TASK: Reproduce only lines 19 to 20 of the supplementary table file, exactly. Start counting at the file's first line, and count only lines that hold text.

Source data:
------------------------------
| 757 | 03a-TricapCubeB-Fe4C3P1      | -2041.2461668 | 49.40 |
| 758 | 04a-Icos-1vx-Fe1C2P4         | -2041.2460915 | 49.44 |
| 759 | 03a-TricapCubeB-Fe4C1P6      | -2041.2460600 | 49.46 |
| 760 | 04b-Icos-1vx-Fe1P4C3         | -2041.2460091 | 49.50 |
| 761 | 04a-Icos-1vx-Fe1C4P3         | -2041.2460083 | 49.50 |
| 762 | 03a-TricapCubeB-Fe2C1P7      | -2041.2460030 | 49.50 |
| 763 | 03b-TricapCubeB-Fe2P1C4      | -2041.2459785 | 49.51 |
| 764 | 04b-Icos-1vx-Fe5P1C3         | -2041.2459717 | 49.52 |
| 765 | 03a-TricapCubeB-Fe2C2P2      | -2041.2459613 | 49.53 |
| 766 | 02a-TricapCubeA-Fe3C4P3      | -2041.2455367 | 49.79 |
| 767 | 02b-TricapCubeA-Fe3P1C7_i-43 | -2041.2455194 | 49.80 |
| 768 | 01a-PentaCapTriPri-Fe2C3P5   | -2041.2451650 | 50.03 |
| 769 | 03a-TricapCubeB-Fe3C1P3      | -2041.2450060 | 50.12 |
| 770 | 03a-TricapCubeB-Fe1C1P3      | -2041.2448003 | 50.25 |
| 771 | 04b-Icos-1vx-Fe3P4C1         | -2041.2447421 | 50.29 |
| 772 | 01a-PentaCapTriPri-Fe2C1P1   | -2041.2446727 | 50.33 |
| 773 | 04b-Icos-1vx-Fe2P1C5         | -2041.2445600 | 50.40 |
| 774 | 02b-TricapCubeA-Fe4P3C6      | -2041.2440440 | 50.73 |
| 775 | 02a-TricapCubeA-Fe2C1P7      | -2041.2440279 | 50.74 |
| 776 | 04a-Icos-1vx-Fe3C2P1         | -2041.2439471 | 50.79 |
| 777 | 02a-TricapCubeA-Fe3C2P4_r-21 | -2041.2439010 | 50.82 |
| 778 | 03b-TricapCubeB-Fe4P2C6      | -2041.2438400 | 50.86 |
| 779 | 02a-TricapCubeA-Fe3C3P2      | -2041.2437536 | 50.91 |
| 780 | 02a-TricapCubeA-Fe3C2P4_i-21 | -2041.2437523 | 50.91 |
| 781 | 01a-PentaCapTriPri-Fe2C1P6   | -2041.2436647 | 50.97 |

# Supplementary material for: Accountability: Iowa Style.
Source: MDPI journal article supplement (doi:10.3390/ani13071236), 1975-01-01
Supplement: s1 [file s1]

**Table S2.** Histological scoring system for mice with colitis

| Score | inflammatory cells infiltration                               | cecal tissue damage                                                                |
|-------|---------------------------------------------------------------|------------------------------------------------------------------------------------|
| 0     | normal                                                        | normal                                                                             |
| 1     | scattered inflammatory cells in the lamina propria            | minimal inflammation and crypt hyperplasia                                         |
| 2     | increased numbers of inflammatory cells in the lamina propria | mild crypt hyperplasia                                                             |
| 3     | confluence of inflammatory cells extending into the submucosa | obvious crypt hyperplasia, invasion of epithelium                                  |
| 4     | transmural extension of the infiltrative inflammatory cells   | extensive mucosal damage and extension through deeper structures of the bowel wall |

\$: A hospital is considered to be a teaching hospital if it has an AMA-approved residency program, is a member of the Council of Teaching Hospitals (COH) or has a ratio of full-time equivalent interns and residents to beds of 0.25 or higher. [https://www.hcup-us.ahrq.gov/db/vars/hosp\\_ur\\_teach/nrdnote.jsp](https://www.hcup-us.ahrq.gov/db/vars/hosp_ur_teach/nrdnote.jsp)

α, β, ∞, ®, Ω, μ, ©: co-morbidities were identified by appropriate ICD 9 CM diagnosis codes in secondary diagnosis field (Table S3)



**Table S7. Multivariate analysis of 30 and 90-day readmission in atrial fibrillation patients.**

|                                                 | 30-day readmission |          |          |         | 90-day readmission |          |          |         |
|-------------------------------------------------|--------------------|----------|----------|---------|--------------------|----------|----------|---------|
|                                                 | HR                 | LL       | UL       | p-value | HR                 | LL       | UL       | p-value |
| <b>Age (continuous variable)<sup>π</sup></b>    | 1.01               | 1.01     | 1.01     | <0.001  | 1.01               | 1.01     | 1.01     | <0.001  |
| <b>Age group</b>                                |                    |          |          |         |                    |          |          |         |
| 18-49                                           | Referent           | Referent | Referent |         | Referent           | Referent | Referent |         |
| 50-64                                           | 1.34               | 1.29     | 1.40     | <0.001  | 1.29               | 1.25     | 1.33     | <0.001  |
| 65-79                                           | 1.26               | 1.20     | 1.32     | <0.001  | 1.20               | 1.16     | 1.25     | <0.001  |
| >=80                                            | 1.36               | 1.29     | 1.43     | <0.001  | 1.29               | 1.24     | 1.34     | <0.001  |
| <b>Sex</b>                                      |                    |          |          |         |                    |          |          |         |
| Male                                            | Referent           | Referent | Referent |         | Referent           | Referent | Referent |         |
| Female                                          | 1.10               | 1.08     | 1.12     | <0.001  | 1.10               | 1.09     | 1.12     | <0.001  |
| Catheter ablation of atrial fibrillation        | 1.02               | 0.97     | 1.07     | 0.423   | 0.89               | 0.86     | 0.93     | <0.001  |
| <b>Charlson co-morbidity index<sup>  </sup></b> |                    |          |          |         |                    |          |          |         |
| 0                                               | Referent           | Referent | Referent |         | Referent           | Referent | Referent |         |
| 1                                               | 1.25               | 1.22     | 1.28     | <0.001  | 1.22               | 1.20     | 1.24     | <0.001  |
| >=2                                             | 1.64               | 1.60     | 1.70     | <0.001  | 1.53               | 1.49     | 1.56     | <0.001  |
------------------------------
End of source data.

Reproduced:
| 775 | 02a-TricapCubeA-Fe2C1P7      | -2041.2440279 | 50.74 |
| 776 | 04a-Icos-1vx-Fe3C2P1         | -2041.2439471 | 50.79 |